Women Face Bias in the ClassroomBernice Sandler, executive director on the Status and Education of Women of the Association of American Colleges, asserts that female students face subtle forms of discrimination in the classroom, including less eye contact from professors and the prohibition of all-female lab groups.
Women Face Bias in the Classroom
By CATHERINE PEEBLES
Cavalier Daily Staff Writer
While many of the overt barriers to women in education have fallen, many subtle barriers still exist, according to Bernice Sandler, executive director of the project on the Status and Educa- tion of Women of the Association of American Colleges.
Obstacles facing women in higher education are "often so invisible that we hardly know they're there,â€ according to Sandler, who addressed a crowd in the Cavalier Room last night. "Often women and men faculty unconsciously treat women differently from men in the thus undermining womenâ€™s confidence."
The subtle differences in treatment Sandler mentions include professors making less eye contact with women students than men, grouping students according to sex (especially in laboratory situations] and being more attentive and responsive to male student's comments than to those of female students.
Sandler cited an instance of a professor not allowing all-women lab teams because he said the women would need someone to help them figure out how to use the machinery.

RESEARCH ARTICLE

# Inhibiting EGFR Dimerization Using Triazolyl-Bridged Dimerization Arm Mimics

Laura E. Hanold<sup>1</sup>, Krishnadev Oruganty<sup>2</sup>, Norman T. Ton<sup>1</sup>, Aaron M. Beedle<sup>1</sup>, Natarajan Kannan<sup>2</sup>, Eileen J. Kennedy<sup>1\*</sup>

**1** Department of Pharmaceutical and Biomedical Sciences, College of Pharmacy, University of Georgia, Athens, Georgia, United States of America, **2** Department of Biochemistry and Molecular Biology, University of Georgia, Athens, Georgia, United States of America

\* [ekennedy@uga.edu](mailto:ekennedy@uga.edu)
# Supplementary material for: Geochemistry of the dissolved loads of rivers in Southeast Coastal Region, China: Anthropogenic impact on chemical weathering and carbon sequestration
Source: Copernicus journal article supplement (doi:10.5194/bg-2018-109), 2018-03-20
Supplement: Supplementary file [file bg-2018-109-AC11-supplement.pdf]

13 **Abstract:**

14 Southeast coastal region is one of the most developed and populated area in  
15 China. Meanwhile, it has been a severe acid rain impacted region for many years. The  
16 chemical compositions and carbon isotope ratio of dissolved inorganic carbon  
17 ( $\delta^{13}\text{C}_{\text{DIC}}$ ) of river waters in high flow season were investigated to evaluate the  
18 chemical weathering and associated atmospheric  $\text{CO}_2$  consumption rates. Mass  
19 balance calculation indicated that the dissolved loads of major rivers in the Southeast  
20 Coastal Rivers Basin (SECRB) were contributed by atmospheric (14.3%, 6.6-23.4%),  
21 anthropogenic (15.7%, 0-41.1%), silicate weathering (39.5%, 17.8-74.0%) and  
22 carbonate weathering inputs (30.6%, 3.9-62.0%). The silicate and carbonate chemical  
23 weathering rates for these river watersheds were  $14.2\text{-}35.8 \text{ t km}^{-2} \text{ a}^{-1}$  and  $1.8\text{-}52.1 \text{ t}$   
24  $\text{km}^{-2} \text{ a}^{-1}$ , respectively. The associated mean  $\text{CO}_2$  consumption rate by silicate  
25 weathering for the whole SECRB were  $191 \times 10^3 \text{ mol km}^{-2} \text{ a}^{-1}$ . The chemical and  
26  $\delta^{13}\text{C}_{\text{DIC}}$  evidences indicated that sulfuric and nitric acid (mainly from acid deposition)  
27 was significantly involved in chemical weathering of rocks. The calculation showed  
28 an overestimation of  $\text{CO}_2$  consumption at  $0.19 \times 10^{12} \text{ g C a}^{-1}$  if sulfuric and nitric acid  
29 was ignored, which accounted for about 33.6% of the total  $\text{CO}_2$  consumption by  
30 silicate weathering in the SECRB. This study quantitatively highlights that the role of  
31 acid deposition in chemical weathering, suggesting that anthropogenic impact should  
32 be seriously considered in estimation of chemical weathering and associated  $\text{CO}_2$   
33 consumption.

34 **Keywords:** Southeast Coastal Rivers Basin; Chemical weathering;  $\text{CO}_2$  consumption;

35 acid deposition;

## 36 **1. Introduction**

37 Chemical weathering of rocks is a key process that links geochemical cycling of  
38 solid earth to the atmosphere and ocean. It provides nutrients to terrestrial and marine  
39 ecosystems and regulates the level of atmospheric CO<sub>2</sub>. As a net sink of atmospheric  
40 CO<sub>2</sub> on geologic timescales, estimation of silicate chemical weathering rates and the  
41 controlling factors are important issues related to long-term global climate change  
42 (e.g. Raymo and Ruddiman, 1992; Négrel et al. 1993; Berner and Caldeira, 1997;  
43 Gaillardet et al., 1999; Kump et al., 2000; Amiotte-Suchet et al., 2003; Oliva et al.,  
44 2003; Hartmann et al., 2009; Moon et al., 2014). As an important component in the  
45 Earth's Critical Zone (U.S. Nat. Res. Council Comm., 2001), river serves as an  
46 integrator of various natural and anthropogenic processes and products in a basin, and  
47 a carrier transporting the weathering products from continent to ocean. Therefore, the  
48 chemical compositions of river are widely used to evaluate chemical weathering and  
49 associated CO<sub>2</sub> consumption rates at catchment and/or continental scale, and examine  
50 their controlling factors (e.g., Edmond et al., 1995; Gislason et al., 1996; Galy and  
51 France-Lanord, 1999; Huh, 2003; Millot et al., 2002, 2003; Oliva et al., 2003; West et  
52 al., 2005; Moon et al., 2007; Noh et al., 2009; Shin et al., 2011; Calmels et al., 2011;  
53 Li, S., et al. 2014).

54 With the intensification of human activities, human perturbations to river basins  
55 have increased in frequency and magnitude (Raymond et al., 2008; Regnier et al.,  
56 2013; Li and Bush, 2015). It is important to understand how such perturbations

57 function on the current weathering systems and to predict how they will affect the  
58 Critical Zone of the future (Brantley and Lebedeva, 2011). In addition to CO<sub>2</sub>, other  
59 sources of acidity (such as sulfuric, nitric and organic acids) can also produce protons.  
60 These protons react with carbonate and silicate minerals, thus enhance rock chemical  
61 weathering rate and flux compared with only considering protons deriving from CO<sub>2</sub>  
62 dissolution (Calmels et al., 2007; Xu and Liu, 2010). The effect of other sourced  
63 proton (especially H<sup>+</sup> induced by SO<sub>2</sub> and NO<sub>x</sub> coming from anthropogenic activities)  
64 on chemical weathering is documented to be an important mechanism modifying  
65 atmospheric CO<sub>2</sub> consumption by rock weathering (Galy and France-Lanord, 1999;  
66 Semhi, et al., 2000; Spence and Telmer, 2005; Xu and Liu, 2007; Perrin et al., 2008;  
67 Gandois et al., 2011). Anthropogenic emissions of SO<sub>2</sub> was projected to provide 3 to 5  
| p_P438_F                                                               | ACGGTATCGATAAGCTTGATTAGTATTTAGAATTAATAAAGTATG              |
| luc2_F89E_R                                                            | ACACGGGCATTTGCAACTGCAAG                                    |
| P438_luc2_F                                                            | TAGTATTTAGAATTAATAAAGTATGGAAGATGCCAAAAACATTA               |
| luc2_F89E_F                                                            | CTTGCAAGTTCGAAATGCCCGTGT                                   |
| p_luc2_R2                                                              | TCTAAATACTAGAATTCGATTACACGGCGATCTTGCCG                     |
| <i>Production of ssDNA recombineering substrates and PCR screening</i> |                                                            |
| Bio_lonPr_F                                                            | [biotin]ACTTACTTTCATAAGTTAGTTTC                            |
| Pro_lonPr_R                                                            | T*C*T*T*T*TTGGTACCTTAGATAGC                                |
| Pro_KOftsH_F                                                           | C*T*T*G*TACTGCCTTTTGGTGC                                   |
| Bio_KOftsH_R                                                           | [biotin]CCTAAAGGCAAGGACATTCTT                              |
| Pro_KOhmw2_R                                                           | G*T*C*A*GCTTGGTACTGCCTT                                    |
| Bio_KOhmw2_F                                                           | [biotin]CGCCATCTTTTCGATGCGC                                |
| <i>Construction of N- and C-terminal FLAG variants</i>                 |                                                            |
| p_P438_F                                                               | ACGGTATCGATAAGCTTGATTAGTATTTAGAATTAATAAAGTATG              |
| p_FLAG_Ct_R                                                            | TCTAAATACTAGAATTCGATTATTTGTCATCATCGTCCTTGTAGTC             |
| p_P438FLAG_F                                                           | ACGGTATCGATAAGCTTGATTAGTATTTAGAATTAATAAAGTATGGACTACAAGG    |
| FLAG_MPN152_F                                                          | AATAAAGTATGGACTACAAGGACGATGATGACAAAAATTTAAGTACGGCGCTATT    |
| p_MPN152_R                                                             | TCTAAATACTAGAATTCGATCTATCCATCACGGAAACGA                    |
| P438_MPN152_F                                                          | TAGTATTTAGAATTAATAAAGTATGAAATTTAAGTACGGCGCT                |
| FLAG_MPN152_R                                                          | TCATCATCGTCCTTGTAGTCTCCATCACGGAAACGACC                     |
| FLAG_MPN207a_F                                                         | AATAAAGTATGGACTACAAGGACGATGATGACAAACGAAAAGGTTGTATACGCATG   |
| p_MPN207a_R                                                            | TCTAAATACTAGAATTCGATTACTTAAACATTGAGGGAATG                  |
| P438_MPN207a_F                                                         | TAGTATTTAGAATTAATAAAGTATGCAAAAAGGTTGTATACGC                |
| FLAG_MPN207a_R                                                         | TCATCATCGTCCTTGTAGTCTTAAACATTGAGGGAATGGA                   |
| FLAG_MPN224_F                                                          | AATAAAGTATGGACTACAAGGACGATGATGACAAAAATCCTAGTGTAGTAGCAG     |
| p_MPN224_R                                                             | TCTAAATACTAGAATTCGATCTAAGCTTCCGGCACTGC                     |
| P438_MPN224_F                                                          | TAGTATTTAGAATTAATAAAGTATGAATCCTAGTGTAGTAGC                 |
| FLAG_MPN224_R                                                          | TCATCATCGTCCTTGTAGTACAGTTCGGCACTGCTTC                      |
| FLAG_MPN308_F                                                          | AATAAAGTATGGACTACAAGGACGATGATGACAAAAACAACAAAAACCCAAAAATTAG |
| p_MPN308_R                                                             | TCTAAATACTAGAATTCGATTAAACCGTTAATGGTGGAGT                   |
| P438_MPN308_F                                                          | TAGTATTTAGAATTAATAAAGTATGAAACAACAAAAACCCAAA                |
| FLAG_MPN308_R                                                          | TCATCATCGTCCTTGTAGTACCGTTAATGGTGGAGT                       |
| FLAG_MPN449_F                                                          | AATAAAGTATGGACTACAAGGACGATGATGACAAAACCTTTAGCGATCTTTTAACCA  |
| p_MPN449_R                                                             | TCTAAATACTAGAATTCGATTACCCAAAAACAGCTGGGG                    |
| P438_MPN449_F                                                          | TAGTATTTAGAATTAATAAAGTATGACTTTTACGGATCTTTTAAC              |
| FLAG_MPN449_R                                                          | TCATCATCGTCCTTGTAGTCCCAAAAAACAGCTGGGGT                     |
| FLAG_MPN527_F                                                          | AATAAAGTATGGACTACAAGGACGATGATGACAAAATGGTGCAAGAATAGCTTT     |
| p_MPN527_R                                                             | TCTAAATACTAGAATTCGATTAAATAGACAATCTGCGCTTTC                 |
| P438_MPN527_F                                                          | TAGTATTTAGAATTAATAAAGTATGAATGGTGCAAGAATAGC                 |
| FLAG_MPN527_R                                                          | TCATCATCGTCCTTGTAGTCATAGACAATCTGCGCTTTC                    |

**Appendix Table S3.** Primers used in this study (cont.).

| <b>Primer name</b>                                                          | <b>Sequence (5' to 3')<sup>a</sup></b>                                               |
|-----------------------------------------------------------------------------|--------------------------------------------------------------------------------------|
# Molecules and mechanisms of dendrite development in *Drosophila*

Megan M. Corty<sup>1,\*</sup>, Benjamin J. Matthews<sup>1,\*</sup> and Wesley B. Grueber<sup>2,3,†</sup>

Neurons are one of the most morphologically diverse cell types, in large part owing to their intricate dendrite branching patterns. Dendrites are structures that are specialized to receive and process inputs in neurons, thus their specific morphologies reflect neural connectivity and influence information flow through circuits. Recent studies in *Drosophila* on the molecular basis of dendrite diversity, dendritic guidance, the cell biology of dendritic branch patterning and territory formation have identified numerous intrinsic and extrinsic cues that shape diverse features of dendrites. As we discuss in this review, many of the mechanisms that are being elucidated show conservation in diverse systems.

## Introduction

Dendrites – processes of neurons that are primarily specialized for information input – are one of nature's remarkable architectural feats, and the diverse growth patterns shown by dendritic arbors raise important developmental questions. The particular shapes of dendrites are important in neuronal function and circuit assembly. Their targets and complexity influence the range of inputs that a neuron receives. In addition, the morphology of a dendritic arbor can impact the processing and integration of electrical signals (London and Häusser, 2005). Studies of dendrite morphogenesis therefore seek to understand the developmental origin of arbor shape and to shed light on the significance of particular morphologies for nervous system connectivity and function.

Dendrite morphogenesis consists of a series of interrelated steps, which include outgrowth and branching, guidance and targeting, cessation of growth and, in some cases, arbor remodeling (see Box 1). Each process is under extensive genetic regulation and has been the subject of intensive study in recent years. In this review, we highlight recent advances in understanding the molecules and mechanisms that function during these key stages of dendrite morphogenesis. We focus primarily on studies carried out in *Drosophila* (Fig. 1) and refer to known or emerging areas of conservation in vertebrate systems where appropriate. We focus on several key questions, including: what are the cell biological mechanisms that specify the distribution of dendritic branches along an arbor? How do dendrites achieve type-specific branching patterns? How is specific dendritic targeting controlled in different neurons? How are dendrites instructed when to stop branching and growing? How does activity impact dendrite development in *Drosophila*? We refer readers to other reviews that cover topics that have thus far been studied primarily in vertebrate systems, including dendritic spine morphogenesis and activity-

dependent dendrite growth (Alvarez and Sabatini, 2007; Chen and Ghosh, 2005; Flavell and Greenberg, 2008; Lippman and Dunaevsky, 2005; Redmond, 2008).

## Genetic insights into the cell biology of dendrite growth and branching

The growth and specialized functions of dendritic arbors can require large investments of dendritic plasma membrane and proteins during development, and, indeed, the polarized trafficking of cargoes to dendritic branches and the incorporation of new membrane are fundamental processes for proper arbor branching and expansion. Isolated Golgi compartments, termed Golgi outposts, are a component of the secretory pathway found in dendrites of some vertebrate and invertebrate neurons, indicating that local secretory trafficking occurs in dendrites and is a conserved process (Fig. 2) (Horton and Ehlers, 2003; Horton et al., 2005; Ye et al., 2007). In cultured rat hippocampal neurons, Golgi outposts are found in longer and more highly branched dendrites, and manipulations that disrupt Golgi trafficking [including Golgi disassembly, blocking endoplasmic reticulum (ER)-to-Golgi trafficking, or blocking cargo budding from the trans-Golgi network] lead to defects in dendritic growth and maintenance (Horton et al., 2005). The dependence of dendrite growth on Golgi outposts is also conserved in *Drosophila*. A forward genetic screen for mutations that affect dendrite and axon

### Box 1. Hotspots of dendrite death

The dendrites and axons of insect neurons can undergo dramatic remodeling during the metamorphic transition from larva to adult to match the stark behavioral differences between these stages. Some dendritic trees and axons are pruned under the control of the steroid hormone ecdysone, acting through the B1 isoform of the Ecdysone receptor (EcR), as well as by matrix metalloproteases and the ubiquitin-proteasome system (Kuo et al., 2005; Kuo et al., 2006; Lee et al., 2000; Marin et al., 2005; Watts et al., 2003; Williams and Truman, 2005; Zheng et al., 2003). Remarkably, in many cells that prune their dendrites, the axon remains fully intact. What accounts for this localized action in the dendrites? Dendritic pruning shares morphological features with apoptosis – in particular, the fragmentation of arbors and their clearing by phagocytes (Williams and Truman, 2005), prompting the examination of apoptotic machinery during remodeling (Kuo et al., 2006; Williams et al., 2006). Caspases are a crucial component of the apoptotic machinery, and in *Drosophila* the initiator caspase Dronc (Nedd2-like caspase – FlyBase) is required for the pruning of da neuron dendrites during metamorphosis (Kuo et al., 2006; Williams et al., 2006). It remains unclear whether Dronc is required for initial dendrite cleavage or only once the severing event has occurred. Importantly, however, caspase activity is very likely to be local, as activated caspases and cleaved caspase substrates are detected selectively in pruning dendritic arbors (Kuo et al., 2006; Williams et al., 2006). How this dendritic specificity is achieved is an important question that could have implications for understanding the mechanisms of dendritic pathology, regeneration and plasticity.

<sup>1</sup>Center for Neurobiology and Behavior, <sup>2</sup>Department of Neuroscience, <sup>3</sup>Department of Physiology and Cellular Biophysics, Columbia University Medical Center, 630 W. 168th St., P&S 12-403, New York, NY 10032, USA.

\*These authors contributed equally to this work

Sandler emphasized that although these aspects of teacher-student communication may seem trivial, "repeated gives women a subtle but strong message" that they are not as valuable in academia as men are.
Sandlerâ€™s studies also have found women are more likely to be interrupted in class discussions than are men, and men have much more control over the topic of conversation.
Both men and women faculty also tend to wait longer for men to answer a question than women, perhaps assuming that men are using the time to think about the answer whereas women simply don't know it, Sandler added.
According to Sandler's findings, men more often are called by name in the classroom, and while male students are referred to as "men,â€ their female counterparts often are referred to as "girls or gals,â€ implying inequality.
Sandler said different perceptions and expectations are the cause of much of the unconscious bias in the classroom today, women frequently are perceived as not as interested as men in math or science, Sandier said. She noted that Princeton University, which currently enrolls the lowest percentage of women of all the Ivy League universities, claims that the low enrollment of women is due to the university's emphasis on sciences and math, Princeton is trying to recruit female students by interesting them in specifically in humanities programs, Sandler said.
Another cause of unequal treatment of women in education, according to Sandler, is a devaluation of women engrained in many people from childhood.
She mentioned a study in which magazine articles were distributed to people who consistently rated them as higher quality when a male byline appeared than when a female wrote the story.
Sandler suggested that increased awareness of the classroom climate among college students, faculty and staff would help to solve the problem.
|Date Added||March 8, 2017|
|Date Modifed||December 9, 2017|
|Collection||Cavalier Daily: articles about gender discrimination|
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